The Department of Interior has been receiving free tickets to The Wolf Trap National Park for Performing Arts for years, but according to rules that were released earlier this week, the secretary has the ability to give away these tickets to other lawmakers and officials.
The venue has offered tickets to the department since the ’70s, and while the Office of Inspector General (OIG) questioned the ethics of this tradition, the department still signed off on this deal for the next 20 years earlier this month. For each show at the Wolf Trap, the secretary will receive eight tickets, which reaches an estimated value of $43,000 per year.
“Consistent with this determination, under the new agreement the Foundation will continue to provide the Department of the Interior with eight seats for each performance,” Jenny Anzelmo-Sarles, chief of public affairs for the National Parks Service, said when the deal was agreed upon.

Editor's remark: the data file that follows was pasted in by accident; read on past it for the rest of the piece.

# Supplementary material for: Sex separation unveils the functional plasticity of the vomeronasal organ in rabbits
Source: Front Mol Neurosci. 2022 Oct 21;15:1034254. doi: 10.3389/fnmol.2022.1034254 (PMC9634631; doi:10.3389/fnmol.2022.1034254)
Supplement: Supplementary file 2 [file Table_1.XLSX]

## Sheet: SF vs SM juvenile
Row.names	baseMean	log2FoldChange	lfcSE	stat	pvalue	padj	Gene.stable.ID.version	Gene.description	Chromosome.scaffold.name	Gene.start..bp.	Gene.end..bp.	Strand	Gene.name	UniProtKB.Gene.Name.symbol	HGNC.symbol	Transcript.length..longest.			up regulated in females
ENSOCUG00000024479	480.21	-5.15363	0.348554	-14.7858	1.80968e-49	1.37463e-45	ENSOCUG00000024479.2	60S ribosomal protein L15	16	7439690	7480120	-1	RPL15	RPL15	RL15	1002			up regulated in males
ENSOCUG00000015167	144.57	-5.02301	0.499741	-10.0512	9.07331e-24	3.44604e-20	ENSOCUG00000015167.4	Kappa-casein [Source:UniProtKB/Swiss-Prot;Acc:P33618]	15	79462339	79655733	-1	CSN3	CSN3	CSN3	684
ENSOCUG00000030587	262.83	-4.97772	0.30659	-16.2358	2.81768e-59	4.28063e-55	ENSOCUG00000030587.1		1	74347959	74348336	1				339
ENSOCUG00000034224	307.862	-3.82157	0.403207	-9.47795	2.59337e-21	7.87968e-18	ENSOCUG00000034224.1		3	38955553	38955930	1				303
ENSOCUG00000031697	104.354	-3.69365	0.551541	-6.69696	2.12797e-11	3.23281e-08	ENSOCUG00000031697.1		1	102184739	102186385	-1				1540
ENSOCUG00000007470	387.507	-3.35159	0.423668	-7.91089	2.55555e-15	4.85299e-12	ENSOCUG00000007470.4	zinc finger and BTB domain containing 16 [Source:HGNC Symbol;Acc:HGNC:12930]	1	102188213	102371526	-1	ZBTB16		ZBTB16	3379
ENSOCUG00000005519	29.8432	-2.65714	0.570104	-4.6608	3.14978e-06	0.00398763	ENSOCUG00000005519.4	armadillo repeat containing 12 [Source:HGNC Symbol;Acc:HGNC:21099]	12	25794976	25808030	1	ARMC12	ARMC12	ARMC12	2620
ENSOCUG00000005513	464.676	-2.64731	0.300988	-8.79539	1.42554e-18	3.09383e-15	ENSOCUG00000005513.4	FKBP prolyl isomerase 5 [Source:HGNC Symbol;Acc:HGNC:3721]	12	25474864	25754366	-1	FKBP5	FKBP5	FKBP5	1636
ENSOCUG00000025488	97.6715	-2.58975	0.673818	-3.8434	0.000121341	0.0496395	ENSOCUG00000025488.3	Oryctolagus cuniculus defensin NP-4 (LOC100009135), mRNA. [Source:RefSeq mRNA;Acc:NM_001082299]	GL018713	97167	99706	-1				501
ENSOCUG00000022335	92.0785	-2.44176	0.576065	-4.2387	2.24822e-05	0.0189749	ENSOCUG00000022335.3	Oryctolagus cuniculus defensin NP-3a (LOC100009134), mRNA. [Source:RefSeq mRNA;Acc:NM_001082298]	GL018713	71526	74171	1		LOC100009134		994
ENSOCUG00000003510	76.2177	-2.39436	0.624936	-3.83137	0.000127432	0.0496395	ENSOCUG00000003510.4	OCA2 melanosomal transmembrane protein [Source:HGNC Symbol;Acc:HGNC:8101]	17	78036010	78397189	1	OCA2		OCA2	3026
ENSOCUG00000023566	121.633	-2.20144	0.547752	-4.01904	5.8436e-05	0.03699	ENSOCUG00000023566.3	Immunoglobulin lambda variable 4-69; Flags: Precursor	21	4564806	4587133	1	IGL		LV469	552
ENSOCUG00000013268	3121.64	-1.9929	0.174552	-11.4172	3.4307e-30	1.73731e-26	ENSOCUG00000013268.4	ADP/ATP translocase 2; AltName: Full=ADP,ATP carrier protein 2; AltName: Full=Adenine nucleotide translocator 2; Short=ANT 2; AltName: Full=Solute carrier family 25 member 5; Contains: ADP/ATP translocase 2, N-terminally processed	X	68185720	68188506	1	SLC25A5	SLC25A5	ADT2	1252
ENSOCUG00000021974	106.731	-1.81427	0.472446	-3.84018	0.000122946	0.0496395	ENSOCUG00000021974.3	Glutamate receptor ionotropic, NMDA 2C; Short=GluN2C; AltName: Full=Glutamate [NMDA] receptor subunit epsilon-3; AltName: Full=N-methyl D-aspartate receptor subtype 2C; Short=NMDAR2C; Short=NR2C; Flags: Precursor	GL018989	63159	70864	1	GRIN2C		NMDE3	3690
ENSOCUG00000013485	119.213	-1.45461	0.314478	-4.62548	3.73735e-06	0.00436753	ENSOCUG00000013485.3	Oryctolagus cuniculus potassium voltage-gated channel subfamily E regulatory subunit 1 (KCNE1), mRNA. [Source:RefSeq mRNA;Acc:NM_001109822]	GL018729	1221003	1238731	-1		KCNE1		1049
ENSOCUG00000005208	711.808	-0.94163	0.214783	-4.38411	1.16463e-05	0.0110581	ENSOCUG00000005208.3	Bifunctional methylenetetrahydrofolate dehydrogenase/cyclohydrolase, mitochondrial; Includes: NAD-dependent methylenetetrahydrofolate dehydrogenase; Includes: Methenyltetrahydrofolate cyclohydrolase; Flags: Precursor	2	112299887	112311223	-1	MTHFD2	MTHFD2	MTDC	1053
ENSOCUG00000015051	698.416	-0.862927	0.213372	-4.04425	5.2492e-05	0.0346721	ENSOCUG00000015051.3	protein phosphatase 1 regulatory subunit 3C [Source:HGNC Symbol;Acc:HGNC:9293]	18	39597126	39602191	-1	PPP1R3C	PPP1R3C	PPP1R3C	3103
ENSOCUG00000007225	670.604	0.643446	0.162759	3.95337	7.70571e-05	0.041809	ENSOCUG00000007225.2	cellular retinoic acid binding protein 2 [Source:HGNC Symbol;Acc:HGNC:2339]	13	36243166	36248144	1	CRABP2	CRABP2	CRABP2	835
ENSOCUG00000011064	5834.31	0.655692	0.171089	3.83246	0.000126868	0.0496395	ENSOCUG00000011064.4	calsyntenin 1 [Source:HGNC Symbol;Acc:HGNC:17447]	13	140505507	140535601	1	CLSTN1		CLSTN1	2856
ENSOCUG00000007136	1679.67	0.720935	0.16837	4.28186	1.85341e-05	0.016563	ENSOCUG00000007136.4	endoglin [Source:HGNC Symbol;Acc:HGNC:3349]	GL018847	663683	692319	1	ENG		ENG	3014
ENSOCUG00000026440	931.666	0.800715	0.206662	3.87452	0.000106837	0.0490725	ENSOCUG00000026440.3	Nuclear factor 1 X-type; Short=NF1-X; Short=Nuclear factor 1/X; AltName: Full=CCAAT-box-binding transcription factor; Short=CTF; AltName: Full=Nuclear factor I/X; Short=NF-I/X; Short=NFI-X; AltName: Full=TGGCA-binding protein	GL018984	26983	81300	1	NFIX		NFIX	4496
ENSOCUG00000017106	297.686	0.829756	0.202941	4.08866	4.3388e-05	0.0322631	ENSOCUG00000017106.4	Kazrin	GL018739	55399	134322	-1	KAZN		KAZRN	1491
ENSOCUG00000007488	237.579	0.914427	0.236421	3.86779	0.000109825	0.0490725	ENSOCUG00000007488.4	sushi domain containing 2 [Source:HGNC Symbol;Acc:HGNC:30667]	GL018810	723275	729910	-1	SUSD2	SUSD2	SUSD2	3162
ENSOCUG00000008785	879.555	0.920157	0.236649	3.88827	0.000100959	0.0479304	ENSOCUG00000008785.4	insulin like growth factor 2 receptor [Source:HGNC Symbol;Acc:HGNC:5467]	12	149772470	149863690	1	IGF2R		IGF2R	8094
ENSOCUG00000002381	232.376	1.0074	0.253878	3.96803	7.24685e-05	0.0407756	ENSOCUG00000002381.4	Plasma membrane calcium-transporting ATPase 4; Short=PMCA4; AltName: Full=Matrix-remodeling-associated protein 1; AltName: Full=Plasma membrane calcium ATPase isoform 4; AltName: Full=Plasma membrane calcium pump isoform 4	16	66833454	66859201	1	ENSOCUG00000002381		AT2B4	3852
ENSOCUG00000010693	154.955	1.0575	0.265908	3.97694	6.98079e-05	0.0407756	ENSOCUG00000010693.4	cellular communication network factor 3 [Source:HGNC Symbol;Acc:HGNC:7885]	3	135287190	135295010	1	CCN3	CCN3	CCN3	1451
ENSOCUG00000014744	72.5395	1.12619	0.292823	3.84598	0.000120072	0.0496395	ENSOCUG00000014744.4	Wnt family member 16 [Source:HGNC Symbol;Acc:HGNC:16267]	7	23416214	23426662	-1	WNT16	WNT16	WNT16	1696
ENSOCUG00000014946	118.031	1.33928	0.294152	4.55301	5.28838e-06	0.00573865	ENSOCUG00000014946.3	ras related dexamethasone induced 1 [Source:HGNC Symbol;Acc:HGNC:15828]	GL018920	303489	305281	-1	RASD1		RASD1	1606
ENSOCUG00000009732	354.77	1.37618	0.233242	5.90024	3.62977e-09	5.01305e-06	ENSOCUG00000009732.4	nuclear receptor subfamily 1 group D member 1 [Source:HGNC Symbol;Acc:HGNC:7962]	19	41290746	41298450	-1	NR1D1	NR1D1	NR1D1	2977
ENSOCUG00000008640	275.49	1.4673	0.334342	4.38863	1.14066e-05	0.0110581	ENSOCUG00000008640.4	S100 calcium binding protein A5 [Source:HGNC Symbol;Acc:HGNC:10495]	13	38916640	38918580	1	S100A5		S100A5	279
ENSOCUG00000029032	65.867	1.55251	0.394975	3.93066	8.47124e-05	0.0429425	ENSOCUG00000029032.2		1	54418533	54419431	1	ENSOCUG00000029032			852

OIG questioned how these tickets will actually be used.
On Monday, guidelines revolving around the ticketing deal were determined. The department said that these tickets will be distributed to better understand Wolf Trap’s operations and to “engage in dialogue” with government officials. However, they can also be given to other Interior employees in recognition of their good work, or on behalf of journalists to show the “importance of public lands and cultural resources,” The Hill reports.
Nancy DiPaolo, director of external affairs for Interior’s inspector general, said earlier this month that “these tickets have not been handled appropriately in the past.” Now, the office will approve the tickets in writing and identify which of the ticket criteria is being met, and anyone using the tickets can not have more than one guest.
While the OIG did not review the guidelines yet, they stated earlier this month to The Hill that they would like to see something in writing.